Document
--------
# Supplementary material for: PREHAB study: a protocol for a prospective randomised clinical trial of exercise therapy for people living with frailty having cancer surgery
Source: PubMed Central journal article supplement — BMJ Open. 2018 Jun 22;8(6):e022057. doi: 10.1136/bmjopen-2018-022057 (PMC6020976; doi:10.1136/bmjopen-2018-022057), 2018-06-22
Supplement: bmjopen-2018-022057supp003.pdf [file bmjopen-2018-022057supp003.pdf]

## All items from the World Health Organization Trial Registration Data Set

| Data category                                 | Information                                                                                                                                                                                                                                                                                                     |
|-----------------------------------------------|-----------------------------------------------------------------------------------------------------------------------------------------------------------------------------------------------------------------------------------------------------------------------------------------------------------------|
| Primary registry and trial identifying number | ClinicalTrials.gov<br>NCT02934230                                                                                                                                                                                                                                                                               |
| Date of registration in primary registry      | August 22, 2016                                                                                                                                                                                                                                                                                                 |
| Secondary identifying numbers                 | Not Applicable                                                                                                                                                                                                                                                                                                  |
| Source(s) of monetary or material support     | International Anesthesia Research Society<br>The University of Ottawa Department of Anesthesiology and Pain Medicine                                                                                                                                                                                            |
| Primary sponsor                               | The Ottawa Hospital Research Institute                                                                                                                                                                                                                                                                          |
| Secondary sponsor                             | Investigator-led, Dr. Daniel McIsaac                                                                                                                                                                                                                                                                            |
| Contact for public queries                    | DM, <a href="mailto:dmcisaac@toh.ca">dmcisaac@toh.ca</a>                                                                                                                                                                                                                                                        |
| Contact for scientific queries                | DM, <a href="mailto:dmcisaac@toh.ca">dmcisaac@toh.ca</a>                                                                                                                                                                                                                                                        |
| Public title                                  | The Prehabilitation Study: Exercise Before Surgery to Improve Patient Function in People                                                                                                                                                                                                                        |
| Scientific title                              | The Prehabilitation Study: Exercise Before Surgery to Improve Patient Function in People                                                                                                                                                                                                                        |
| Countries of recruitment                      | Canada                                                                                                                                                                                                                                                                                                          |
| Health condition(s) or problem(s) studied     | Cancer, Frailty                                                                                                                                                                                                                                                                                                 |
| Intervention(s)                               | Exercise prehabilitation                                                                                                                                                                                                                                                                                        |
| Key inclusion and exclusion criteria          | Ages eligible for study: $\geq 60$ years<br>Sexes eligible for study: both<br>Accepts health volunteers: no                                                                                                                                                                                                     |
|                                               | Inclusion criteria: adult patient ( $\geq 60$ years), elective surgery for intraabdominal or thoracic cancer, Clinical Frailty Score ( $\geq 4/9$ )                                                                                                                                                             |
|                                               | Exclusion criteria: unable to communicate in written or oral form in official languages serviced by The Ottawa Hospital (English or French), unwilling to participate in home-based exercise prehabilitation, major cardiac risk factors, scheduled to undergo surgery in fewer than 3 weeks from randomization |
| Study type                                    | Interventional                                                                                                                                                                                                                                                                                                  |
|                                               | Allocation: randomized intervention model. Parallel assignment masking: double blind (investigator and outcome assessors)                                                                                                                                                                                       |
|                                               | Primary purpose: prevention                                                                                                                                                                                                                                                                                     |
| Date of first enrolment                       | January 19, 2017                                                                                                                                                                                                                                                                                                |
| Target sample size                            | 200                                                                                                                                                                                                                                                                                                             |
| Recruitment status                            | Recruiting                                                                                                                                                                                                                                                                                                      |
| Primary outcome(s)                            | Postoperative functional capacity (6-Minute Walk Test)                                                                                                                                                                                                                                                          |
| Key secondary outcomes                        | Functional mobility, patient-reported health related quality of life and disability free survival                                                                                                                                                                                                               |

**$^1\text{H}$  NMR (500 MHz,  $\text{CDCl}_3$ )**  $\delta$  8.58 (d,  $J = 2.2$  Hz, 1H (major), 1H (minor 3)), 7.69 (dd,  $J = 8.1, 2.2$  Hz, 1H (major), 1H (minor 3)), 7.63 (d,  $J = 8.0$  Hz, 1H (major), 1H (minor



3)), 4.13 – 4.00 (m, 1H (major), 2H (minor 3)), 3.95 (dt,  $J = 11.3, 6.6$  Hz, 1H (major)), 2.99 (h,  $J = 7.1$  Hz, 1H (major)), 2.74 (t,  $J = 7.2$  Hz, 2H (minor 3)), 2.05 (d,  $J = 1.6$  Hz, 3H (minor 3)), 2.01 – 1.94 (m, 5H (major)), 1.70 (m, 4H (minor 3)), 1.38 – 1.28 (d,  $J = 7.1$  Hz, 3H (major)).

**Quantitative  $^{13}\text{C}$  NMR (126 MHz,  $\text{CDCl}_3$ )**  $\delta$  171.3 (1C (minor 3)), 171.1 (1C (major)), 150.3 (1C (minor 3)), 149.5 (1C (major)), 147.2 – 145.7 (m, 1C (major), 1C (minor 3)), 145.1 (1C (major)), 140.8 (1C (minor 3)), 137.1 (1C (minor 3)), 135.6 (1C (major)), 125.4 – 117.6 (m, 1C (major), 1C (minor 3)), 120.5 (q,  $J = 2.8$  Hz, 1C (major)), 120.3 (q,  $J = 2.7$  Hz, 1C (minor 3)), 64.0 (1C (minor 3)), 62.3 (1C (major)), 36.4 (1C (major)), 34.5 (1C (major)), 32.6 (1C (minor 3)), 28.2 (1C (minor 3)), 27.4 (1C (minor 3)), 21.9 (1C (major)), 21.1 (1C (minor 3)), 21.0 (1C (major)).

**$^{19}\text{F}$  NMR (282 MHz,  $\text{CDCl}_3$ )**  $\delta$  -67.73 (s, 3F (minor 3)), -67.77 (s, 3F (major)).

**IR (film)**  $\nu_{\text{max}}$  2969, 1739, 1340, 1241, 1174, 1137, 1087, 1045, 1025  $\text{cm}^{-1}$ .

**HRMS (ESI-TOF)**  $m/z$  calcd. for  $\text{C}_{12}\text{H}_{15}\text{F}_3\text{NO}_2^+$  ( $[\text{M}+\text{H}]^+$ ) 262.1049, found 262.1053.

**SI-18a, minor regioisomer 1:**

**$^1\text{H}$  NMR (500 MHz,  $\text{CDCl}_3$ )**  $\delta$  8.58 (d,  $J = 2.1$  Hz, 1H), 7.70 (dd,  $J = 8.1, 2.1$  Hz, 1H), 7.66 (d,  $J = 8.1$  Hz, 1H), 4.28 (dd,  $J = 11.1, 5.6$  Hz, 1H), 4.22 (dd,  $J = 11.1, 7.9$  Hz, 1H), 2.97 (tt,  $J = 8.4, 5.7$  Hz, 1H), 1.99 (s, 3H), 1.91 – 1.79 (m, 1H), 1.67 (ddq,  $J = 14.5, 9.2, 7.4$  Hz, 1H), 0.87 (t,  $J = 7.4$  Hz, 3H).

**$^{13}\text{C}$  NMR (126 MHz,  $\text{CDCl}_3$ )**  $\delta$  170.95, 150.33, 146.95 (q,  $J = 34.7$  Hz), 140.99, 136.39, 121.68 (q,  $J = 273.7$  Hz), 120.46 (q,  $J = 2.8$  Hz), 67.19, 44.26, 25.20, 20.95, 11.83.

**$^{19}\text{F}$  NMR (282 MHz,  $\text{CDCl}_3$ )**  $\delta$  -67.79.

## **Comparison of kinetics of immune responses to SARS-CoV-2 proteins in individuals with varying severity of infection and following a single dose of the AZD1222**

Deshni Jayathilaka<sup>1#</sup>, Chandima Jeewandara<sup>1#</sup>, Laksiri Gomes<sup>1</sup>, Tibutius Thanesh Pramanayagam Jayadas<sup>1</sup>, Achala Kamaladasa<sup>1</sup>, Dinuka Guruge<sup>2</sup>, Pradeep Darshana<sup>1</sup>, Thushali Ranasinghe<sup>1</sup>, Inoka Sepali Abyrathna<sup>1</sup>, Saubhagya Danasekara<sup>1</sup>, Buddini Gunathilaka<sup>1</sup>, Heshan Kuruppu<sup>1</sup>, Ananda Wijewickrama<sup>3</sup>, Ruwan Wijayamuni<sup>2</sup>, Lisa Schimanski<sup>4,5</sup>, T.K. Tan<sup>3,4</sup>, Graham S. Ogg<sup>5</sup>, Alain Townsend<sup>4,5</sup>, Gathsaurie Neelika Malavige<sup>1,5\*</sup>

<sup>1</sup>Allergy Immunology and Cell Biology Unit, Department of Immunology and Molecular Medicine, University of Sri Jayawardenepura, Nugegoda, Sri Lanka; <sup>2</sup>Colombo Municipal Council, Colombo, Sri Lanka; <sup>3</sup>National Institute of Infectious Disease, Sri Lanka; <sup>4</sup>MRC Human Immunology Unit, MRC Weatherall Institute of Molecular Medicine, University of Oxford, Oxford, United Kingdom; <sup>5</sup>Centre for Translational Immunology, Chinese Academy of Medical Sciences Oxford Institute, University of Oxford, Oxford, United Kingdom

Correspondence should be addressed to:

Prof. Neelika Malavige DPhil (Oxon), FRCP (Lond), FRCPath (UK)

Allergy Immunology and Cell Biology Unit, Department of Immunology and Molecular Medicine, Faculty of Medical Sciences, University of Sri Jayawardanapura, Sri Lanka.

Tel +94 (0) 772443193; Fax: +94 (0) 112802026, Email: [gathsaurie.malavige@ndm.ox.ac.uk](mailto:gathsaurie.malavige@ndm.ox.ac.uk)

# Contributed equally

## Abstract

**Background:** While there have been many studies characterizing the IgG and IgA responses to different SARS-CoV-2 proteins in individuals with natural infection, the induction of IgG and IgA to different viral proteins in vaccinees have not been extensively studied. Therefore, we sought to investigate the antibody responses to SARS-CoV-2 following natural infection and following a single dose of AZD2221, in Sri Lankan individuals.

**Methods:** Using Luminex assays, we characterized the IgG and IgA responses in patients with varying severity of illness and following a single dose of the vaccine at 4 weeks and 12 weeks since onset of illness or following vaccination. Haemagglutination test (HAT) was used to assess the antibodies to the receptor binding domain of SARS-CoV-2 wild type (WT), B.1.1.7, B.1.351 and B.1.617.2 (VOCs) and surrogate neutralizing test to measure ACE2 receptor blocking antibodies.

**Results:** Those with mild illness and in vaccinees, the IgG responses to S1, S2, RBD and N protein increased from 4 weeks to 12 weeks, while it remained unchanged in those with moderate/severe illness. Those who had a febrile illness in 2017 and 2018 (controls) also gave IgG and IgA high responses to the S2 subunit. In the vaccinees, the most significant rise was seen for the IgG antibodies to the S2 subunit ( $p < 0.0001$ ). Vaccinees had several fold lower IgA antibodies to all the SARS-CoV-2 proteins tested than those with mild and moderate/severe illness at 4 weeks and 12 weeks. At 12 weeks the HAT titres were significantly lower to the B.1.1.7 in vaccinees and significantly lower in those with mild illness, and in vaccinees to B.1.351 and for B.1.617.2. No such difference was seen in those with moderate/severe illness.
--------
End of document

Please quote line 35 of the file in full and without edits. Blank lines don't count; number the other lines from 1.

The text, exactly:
**IR (film)**  $\nu_{\text{max}}$  2969, 1739, 1340, 1241, 1174, 1137, 1087, 1045, 1025  $\text{cm}^{-1}$ .